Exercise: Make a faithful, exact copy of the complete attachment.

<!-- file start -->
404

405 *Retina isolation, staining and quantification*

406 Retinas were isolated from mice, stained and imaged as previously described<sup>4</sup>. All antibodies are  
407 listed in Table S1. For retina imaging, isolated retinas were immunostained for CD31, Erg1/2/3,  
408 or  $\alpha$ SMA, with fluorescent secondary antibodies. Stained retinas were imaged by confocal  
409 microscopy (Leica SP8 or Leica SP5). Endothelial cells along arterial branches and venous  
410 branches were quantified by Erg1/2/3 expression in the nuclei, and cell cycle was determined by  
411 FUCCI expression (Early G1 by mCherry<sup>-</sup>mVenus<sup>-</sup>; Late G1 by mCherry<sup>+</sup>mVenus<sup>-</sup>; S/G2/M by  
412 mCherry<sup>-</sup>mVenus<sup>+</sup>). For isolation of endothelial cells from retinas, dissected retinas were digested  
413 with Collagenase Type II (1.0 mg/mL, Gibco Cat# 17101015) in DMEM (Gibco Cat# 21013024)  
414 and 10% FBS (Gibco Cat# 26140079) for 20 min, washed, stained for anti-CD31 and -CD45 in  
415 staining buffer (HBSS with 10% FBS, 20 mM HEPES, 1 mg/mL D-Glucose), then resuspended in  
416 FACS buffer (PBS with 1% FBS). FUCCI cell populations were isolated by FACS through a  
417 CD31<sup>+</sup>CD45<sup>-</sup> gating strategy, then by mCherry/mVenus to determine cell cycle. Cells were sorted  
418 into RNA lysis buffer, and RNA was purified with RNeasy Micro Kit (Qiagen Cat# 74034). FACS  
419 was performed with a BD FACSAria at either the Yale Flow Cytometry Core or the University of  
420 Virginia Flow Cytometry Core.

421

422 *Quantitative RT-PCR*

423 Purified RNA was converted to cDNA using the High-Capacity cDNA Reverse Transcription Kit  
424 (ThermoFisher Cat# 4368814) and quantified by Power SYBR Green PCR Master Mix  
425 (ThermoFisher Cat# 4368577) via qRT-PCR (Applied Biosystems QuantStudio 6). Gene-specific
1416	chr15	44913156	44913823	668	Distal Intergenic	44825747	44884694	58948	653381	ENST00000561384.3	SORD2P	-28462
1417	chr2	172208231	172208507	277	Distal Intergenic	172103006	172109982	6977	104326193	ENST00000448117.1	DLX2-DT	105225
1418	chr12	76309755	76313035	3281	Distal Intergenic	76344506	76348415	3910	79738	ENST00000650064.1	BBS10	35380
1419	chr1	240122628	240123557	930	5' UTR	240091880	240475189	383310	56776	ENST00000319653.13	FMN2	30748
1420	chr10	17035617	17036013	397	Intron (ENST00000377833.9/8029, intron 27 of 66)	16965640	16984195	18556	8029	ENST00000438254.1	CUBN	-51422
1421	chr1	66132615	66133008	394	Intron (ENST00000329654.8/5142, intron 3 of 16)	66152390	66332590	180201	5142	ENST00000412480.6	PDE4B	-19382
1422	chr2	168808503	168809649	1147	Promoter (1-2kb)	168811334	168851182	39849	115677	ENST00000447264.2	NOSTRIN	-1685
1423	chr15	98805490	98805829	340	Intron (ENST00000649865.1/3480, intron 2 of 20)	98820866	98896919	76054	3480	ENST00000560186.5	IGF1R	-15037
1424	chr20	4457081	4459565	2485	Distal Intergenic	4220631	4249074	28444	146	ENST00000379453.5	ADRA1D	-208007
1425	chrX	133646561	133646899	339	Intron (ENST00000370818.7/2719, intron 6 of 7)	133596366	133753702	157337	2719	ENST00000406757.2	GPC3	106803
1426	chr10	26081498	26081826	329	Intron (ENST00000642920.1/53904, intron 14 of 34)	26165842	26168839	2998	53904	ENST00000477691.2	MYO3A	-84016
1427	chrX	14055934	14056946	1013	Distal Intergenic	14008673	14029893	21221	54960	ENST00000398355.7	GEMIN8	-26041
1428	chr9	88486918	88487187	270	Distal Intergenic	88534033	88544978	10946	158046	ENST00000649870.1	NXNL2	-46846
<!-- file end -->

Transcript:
404

405 *Retina isolation, staining and quantification*

406 Retinas were isolated from mice, stained and imaged as previously described<sup>4</sup>. All antibodies are  
407 listed in Table S1. For retina imaging, isolated retinas were immunostained for CD31, Erg1/2/3,  
408 or  $\alpha$ SMA, with fluorescent secondary antibodies. Stained retinas were imaged by confocal  
409 microscopy (Leica SP8 or Leica SP5). Endothelial cells along arterial branches and venous  
410 branches were quantified by Erg1/2/3 expression in the nuclei, and cell cycle was determined by  
411 FUCCI expression (Early G1 by mCherry<sup>-</sup>mVenus<sup>-</sup>; Late G1 by mCherry<sup>+</sup>mVenus<sup>-</sup>; S/G2/M by  
412 mCherry<sup>-</sup>mVenus<sup>+</sup>). For isolation of endothelial cells from retinas, dissected retinas were digested  
413 with Collagenase Type II (1.0 mg/mL, Gibco Cat# 17101015) in DMEM (Gibco Cat# 21013024)  
414 and 10% FBS (Gibco Cat# 26140079) for 20 min, washed, stained for anti-CD31 and -CD45 in  
415 staining buffer (HBSS with 10% FBS, 20 mM HEPES, 1 mg/mL D-Glucose), then resuspended in  
416 FACS buffer (PBS with 1% FBS). FUCCI cell populations were isolated by FACS through a  
417 CD31<sup>+</sup>CD45<sup>-</sup> gating strategy, then by mCherry/mVenus to determine cell cycle. Cells were sorted  
418 into RNA lysis buffer, and RNA was purified with RNeasy Micro Kit (Qiagen Cat# 74034). FACS  
419 was performed with a BD FACSAria at either the Yale Flow Cytometry Core or the University of  
420 Virginia Flow Cytometry Core.

421

422 *Quantitative RT-PCR*

423 Purified RNA was converted to cDNA using the High-Capacity cDNA Reverse Transcription Kit  
424 (ThermoFisher Cat# 4368814) and quantified by Power SYBR Green PCR Master Mix  
425 (ThermoFisher Cat# 4368577) via qRT-PCR (Applied Biosystems QuantStudio 6). Gene-specific
1416	chr15	44913156	44913823	668	Distal Intergenic	44825747	44884694	58948	653381	ENST00000561384.3	SORD2P	-28462
1417	chr2	172208231	172208507	277	Distal Intergenic	172103006	172109982	6977	104326193	ENST00000448117.1	DLX2-DT	105225
1418	chr12	76309755	76313035	3281	Distal Intergenic	76344506	76348415	3910	79738	ENST00000650064.1	BBS10	35380
1419	chr1	240122628	240123557	930	5' UTR	240091880	240475189	383310	56776	ENST00000319653.13	FMN2	30748
1420	chr10	17035617	17036013	397	Intron (ENST00000377833.9/8029, intron 27 of 66)	16965640	16984195	18556	8029	ENST00000438254.1	CUBN	-51422
1421	chr1	66132615	66133008	394	Intron (ENST00000329654.8/5142, intron 3 of 16)	66152390	66332590	180201	5142	ENST00000412480.6	PDE4B	-19382
1422	chr2	168808503	168809649	1147	Promoter (1-2kb)	168811334	168851182	39849	115677	ENST00000447264.2	NOSTRIN	-1685
1423	chr15	98805490	98805829	340	Intron (ENST00000649865.1/3480, intron 2 of 20)	98820866	98896919	76054	3480	ENST00000560186.5	IGF1R	-15037
1424	chr20	4457081	4459565	2485	Distal Intergenic	4220631	4249074	28444	146	ENST00000379453.5	ADRA1D	-208007
1425	chrX	133646561	133646899	339	Intron (ENST00000370818.7/2719, intron 6 of 7)	133596366	133753702	157337	2719	ENST00000406757.2	GPC3	106803
1426	chr10	26081498	26081826	329	Intron (ENST00000642920.1/53904, intron 14 of 34)	26165842	26168839	2998	53904	ENST00000477691.2	MYO3A	-84016
1427	chrX	14055934	14056946	1013	Distal Intergenic	14008673	14029893	21221	54960	ENST00000398355.7	GEMIN8	-26041
1428	chr9	88486918	88487187	270	Distal Intergenic	88534033	88544978	10946	158046	ENST00000649870.1	NXNL2	-46846